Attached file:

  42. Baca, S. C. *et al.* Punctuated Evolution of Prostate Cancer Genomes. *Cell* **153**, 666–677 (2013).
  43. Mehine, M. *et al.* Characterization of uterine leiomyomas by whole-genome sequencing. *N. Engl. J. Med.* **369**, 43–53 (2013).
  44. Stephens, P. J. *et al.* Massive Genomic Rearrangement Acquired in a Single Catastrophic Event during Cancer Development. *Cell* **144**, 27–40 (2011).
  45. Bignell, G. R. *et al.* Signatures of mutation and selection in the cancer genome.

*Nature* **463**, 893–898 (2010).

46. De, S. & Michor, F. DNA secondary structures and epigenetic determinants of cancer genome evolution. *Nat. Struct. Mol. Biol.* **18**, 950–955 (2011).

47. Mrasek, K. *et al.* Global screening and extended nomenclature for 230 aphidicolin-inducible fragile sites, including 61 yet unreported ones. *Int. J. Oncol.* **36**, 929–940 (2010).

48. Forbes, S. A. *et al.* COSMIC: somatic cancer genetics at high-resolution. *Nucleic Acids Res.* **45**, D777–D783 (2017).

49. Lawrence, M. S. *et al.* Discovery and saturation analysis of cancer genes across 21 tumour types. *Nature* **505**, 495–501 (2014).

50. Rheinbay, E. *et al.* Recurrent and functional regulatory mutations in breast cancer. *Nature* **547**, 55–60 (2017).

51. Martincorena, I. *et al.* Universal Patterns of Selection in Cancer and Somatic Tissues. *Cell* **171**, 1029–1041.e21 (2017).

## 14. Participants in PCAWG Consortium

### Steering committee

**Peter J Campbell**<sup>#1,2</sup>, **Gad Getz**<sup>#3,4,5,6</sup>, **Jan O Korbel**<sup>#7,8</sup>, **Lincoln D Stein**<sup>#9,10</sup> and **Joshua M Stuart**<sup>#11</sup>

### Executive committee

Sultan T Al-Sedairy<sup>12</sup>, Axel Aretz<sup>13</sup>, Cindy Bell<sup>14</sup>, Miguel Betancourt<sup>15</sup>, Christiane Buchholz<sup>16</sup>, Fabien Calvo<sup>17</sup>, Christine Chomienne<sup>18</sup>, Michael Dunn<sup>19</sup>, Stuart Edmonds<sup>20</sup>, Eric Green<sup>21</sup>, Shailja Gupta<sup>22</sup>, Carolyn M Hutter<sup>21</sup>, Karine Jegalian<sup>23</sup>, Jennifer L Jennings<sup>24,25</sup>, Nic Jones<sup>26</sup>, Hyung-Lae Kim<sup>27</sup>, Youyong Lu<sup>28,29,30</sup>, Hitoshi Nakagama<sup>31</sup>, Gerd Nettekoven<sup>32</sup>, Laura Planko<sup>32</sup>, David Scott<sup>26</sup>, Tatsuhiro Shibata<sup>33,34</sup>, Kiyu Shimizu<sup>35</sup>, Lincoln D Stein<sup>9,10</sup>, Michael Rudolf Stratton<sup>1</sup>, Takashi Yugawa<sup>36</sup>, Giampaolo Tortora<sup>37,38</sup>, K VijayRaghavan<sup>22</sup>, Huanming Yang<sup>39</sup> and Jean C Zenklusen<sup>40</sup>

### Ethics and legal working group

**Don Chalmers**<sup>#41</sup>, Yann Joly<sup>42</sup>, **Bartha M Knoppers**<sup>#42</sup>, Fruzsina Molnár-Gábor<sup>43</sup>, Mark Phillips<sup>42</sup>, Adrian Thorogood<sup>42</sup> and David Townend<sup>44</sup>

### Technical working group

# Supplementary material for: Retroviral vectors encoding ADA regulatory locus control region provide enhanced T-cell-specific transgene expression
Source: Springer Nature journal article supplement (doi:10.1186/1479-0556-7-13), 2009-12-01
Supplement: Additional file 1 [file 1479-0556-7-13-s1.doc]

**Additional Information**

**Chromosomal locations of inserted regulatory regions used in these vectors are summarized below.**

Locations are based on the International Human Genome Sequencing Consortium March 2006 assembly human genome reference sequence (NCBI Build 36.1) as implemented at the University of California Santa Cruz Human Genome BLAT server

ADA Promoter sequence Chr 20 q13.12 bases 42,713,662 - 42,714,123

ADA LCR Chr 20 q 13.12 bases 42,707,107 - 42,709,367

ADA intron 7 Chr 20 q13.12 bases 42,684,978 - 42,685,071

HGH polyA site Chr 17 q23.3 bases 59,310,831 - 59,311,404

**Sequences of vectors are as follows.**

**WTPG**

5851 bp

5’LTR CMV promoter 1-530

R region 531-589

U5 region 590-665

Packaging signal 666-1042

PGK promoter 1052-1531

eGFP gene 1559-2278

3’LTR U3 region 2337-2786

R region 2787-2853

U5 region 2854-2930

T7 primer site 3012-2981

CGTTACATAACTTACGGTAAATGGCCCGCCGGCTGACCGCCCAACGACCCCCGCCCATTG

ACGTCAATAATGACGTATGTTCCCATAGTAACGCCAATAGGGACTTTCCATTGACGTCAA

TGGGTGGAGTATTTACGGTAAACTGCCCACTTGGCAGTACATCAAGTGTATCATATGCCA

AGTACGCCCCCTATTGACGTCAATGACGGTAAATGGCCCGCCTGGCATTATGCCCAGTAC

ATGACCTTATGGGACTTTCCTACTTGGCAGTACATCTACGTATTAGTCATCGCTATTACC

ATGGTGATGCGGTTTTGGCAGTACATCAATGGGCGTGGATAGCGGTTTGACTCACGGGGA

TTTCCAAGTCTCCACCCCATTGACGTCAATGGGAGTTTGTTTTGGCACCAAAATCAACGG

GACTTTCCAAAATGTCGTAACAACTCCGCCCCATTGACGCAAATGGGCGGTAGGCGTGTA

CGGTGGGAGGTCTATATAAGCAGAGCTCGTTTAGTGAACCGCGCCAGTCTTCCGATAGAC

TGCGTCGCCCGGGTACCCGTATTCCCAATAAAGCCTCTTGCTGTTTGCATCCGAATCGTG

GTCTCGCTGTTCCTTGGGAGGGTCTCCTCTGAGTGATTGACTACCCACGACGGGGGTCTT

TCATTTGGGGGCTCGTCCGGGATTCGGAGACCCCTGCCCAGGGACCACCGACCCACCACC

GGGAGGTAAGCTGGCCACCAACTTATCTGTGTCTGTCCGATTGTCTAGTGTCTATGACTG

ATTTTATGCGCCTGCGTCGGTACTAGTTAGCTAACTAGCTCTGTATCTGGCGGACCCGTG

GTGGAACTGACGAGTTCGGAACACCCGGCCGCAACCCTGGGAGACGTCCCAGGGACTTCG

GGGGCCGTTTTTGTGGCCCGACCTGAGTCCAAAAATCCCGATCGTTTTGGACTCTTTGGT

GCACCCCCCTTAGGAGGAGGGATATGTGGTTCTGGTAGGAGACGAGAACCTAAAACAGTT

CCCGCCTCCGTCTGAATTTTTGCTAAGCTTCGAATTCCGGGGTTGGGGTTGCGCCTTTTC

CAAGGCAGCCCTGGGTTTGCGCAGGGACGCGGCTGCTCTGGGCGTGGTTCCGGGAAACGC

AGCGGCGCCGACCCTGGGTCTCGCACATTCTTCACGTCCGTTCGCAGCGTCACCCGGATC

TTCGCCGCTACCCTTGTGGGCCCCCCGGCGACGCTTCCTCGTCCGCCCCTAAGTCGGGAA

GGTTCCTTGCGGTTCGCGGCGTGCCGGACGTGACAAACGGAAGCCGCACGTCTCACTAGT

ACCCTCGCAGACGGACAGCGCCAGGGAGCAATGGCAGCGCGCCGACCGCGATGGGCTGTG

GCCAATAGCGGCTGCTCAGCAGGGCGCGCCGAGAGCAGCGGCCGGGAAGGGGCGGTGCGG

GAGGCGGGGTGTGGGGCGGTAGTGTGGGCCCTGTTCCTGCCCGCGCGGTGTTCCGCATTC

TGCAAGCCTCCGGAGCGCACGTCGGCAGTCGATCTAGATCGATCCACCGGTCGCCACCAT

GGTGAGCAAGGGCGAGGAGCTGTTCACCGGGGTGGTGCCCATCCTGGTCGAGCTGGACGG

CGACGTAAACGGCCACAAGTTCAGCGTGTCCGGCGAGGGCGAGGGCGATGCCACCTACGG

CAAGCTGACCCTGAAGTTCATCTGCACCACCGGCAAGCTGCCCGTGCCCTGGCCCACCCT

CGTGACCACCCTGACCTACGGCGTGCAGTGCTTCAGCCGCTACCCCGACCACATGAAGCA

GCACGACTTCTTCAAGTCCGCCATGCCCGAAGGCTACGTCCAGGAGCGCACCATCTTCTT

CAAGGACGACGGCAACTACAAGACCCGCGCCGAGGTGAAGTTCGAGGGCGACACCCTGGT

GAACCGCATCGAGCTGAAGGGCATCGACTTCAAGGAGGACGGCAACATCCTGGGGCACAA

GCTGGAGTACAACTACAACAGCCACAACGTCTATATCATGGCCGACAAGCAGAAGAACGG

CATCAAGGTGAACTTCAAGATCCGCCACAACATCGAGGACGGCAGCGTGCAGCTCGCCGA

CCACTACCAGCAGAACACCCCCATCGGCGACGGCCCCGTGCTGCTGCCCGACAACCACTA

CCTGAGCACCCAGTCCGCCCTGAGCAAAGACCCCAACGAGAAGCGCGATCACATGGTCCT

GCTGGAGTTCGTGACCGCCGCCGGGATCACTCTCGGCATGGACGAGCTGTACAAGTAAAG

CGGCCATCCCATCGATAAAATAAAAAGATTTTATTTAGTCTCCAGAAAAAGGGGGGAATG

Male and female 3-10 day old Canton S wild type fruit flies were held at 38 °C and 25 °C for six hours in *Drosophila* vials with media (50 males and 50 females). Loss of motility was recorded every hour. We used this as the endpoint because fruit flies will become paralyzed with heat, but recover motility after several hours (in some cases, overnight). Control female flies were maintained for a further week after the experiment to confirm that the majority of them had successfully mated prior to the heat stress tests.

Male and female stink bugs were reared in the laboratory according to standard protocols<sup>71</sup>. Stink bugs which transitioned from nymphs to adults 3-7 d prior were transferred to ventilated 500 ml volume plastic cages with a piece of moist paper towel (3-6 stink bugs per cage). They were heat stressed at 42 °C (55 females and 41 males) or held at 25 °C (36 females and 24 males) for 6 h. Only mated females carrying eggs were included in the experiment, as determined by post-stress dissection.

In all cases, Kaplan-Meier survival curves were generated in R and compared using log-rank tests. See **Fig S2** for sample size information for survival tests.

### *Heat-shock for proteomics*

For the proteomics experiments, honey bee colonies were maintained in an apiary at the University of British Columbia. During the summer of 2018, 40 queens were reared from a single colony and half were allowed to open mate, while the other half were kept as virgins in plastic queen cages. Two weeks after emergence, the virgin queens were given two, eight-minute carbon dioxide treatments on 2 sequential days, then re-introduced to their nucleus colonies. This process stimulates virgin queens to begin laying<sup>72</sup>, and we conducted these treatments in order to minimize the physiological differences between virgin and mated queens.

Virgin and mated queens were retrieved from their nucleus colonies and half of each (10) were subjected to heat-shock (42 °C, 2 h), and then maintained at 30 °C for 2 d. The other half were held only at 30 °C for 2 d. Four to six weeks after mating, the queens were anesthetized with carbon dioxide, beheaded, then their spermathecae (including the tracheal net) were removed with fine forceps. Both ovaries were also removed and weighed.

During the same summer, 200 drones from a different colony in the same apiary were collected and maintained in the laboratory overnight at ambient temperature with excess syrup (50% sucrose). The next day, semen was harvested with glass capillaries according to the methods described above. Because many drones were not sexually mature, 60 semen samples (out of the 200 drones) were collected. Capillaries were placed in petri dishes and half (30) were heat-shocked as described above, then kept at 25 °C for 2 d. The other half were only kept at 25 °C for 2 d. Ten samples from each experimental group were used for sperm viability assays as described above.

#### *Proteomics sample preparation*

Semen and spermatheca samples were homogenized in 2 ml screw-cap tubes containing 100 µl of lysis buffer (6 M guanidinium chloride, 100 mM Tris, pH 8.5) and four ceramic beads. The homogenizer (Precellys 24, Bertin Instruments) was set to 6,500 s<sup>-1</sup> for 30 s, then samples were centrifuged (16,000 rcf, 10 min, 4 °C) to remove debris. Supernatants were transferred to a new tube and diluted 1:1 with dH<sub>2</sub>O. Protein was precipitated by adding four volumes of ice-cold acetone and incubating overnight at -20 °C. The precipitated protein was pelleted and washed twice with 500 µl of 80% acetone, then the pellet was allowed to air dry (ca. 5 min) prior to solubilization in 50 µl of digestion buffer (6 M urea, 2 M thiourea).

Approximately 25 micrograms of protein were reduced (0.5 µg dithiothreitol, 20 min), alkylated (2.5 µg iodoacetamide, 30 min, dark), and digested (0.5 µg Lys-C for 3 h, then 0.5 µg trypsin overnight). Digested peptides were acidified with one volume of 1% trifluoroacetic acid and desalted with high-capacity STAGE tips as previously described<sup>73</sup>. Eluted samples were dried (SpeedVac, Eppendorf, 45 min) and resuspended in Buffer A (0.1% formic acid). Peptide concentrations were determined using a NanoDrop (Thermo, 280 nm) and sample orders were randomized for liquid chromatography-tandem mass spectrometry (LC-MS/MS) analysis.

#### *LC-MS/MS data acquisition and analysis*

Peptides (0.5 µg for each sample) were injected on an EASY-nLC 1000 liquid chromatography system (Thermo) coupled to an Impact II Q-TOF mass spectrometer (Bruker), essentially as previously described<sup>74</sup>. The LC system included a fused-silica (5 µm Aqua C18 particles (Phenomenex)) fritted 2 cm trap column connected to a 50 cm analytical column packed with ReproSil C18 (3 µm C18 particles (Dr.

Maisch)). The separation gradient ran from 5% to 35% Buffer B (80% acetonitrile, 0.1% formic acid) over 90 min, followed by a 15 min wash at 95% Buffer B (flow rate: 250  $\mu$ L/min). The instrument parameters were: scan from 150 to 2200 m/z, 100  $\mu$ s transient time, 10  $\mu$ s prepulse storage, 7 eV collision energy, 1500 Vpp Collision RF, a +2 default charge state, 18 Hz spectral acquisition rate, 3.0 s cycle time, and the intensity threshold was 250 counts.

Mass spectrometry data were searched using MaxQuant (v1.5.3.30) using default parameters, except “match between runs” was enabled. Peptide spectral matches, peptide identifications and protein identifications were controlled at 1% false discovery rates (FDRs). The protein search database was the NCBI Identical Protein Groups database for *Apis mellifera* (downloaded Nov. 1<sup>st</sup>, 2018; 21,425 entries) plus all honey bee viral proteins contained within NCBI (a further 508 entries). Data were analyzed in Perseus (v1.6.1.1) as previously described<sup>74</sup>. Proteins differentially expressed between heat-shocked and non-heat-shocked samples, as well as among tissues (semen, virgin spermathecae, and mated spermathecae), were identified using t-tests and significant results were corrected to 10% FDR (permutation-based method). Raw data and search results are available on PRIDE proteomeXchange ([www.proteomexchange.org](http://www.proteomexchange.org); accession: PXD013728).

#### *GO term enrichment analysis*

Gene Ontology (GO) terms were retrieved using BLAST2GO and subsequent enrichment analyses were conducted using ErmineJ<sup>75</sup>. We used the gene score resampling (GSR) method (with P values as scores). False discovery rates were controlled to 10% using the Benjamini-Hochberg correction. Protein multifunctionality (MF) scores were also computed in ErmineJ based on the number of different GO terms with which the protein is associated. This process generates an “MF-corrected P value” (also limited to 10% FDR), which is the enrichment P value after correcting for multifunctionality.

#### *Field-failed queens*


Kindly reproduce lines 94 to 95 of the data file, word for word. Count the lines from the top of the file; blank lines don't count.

Maisch)). The separation gradient ran from 5% to 35% Buffer B (80% acetonitrile, 0.1% formic acid) over 90 min, followed by a 15 min wash at 95% Buffer B (flow rate: 250  $\mu$ L/min). The instrument parameters were: scan from 150 to 2200 m/z, 100  $\mu$ s transient time, 10  $\mu$ s prepulse storage, 7 eV collision energy, 1500 Vpp Collision RF, a +2 default charge state, 18 Hz spectral acquisition rate, 3.0 s cycle time, and the intensity threshold was 250 counts.

Mass spectrometry data were searched using MaxQuant (v1.5.3.30) using default parameters, except “match between runs” was enabled. Peptide spectral matches, peptide identifications and protein identifications were controlled at 1% false discovery rates (FDRs). The protein search database was the NCBI Identical Protein Groups database for *Apis mellifera* (downloaded Nov. 1<sup>st</sup>, 2018; 21,425 entries) plus all honey bee viral proteins contained within NCBI (a further 508 entries). Data were analyzed in Perseus (v1.6.1.1) as previously described<sup>74</sup>. Proteins differentially expressed between heat-shocked and non-heat-shocked samples, as well as among tissues (semen, virgin spermathecae, and mated spermathecae), were identified using t-tests and significant results were corrected to 10% FDR (permutation-based method). Raw data and search results are available on PRIDE proteomeXchange ([www.proteomexchange.org](http://www.proteomexchange.org); accession: PXD013728).